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Jamaica: fighting HIV stigma in church

November 2011

Reverend Stephen Henry stands in his church

Reverend Stephen Henry, who is working to transform the church's attitude to HIV

In Jamaica, high levels of homophobia and ignorance about HIV mean that stigma and discrimination continue to hinder prevention and treatment.

Jamaican society is deeply religious and many Christian denominations exist in the majority Protestant congregations. In spite of their number and influence, the church-going population and church policy itself hasn't responded as well as it could to increasing numbers of people affected by HIV and AIDS.

Reverend Stephen Henry is the minister for three churches in Central West Jamaica. He is part of a growing number of church leaders who are trying to transform the church and its response to HIV.

Transforming attitudes towards HIV

'I was reluctant to be in the same area with persons… all I know is I was ignorant… Fear crippled me, and not knowing how to interact with these people.'

Christian Aid partner UTCWI are providing training for clergy and faith leaders like Reverend Henry, allowing them to both challenge and change the church's attitude to HIV from within.

Reverend Delroy Harris was also trained by UTCWI: 'If society doesn't show love and care, the person is going to turn to the church.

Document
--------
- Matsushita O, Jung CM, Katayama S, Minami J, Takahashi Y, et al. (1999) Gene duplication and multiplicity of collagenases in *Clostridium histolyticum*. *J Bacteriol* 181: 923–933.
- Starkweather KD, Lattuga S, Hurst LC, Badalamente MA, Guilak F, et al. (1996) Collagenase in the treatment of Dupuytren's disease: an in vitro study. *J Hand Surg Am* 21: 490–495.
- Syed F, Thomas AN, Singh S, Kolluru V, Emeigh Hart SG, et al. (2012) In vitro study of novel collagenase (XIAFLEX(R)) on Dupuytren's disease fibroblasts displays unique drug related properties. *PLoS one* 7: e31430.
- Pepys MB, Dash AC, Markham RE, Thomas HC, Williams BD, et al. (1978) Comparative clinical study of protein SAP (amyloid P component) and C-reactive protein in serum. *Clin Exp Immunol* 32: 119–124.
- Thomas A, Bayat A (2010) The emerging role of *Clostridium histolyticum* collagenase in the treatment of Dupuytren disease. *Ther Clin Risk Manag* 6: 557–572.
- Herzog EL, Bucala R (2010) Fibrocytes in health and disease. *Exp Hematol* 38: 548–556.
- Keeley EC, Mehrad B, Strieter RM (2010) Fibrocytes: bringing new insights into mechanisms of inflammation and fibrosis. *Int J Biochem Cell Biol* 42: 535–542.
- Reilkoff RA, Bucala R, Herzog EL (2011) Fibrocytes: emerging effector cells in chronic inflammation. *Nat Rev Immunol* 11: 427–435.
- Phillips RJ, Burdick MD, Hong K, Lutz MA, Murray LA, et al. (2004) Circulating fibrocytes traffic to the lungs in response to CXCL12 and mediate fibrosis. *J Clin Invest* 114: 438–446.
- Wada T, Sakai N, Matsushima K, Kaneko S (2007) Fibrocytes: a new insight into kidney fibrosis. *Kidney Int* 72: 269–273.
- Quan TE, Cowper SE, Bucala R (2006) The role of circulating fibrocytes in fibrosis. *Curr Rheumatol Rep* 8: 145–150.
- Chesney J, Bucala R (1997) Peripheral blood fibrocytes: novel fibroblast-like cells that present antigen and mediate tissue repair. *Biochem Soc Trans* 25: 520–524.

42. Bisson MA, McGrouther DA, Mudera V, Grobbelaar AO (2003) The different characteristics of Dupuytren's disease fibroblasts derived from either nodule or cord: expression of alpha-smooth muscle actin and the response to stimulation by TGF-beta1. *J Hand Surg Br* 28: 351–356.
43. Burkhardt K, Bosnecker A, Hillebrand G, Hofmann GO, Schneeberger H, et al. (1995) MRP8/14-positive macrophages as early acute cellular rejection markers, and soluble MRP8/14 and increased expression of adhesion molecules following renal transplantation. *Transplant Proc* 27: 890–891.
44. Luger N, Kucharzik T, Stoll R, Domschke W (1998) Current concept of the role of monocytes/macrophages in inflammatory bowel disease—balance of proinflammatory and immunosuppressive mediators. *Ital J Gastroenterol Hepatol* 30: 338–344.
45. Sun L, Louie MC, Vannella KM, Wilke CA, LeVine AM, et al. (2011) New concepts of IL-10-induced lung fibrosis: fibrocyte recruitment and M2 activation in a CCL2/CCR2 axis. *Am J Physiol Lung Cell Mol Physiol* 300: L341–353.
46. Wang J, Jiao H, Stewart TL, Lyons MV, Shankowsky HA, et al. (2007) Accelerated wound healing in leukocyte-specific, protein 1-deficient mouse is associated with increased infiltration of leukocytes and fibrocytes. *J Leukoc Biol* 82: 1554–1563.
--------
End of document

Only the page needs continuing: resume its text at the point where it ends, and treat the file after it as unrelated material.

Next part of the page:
'It's at the point now where some persons who are HIV positive no longer want to come to the church because they feel that the church people are rejecting them. Now we need to change that.'

When people fear they will be rejected for being HIV positive, they are less likely to get tested, find out their status and get the medication they need. Fighting stigma saves lives.

Working with church leaders

Working with church leaders also has a huge multiplying effect: those receiving training pass on knowledge to their congregations and the community.

In Reverend Harris' church the changes have been profound:

'We had persons that were HIV positive sharing with us [one] Sunday morning... the high point for me... was when I pronounced the benediction, afterwards, the same people who had a problem with me doing the session, lined up to embrace the persons living with HIV with tears in their eyes.'

A parishioner, Viviene Reid, added: 'I looked at myself and I said "you know, I'm going to take a different road."

'I was the first person that went up there and I hug her up and I talk and I change and the next forum they had I decided to go and do the test.'

 

 

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